KEARNEY, Neb. — Platte River floodwaters have been diverted by the Central Nebraska Public Power and Irrigation District since the high flows reached North Platte on Friday evening.
Now, Johnson Lake residents will start seeing a quick rise in lake levels.
Cory Steinke, a civil engineer with the district, said he's diverting the maximum possible, 2,250 cubic feet per second, into irrigation canals and reservoirs.
He said the high flows were at North Platte by 9 p.m. Friday, and he had opened the gates to reach that maximum by midnight. “We went from 1,500 to 2,200 cfs in no time. We were spilling water by the second hour,” Steinke said.
Water went into the Phelps and E-65 canals and was being pumped into Elwood Reservoir on Friday night.
Steinke said he drew down Johnson Lake a bit over the past couple of days to make more room for the diverted floodwaters. “I'm trying to take the peak off the flood,” he said.
He also has been running about 1,000 cfs through the J-2 Hydro and then returning 800 cfs to the river. That will change now that the floodwaters have reached Dawson County.
Steinke plans to reduce flows through the hydro and start filling Johnson Lake faster in the next 24 hours.
Staff at the National Audubon Society's Rowe Sanctuary along Elm Island Road southwest of Gibbon also are paying close attention to the flood's progress and flows.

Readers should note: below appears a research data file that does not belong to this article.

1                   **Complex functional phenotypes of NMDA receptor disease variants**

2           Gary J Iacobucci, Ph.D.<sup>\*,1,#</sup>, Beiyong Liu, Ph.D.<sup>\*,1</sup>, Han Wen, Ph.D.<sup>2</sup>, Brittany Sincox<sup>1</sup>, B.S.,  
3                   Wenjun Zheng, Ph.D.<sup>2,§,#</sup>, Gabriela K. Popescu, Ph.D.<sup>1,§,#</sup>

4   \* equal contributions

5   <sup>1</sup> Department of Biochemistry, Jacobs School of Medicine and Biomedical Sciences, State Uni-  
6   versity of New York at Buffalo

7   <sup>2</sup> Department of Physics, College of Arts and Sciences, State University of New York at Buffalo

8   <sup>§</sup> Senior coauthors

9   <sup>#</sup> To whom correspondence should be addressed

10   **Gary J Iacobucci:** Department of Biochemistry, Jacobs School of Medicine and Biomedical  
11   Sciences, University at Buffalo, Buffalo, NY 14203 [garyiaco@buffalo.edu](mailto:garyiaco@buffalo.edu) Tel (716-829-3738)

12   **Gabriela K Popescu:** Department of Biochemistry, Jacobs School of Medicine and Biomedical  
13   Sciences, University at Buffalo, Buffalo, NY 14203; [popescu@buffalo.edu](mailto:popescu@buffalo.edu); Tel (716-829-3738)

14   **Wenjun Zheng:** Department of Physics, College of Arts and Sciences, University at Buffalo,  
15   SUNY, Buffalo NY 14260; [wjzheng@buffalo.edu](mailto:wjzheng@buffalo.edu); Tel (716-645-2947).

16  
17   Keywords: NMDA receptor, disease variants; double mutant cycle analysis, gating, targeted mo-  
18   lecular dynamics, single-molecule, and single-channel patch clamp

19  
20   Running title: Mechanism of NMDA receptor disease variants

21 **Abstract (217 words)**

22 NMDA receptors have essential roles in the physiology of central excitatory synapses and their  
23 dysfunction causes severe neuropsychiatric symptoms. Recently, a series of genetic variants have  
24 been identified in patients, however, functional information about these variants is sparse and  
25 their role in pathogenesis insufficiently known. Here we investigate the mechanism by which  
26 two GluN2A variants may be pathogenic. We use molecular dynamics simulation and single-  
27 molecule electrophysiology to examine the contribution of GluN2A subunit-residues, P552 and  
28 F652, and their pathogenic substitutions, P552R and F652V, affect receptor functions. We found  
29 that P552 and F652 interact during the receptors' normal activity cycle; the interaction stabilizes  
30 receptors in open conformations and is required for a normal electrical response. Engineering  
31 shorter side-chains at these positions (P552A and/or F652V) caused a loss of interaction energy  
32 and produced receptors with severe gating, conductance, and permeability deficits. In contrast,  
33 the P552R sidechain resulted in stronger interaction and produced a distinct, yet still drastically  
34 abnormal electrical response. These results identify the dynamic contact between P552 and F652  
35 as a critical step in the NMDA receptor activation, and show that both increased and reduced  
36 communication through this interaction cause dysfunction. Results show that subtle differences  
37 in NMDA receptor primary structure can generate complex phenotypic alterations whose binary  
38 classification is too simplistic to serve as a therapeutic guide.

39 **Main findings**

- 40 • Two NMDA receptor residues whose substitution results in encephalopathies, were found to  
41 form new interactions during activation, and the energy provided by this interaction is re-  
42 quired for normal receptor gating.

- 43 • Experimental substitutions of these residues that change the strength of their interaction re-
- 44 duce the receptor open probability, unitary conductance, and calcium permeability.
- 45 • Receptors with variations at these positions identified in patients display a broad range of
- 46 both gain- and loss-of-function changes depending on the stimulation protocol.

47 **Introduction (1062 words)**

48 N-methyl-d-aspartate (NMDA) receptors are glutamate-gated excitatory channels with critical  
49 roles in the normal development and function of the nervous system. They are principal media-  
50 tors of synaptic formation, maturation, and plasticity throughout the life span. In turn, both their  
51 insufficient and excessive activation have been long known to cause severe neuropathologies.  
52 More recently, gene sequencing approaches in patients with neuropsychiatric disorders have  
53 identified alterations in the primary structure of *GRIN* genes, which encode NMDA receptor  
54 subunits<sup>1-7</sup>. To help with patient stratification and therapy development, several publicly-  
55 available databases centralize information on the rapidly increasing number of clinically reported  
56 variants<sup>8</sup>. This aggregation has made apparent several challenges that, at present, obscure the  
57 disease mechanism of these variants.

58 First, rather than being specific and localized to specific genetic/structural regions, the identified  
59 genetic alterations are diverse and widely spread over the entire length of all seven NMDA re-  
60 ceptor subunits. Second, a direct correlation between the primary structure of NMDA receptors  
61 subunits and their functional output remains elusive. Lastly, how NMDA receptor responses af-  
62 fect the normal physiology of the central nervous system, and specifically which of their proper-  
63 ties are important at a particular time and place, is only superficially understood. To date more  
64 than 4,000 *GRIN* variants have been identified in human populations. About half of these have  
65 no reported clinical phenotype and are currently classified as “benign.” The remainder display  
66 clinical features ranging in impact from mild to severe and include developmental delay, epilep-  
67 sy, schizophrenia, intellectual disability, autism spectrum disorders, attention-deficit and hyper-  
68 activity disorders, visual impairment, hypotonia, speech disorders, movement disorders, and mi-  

“No, we're not worried about this amount of water,” Rowe Director Bill Taddicken said when asked if any flood precautions were being taken.
He explained that Audubon staff have worked for the past 40 years to widen the river channel and keep sandbars clear of vegetation along the Rowe property. That 800- to 900-foot-wide open channel can carry a lot of water, he said, because it can spread out and flow unimpeded.
“So managing the river for cranes helps humans, too,” Taddicken said.
He's more concerned about the effects of man-made structures, particularly bridges that aren't engineered to withstand floods. “There's a choke point at each bridge,” Taddicken said, because water must flow through an area only 80 to 100 feet wide.
Flows of 12,500 cubic feet per second now forecast at Kearney by the National Weather Service office in Hastings are much lower than some peak flows recorded over the past 30 years.
Taddicken said flows of 9,800 to 10,000 cfs were common throughout a wet 2011. He checked records that included peaks of 23,700 cfs in 1983, 16,100 cfs in 1984, 19,200 cfs in 1995 and 13,400 cfs in 2008.
Taddicken said people can watch the river rise over the next few days from the crane cam Rowe Sanctuary has set up overlooking the river.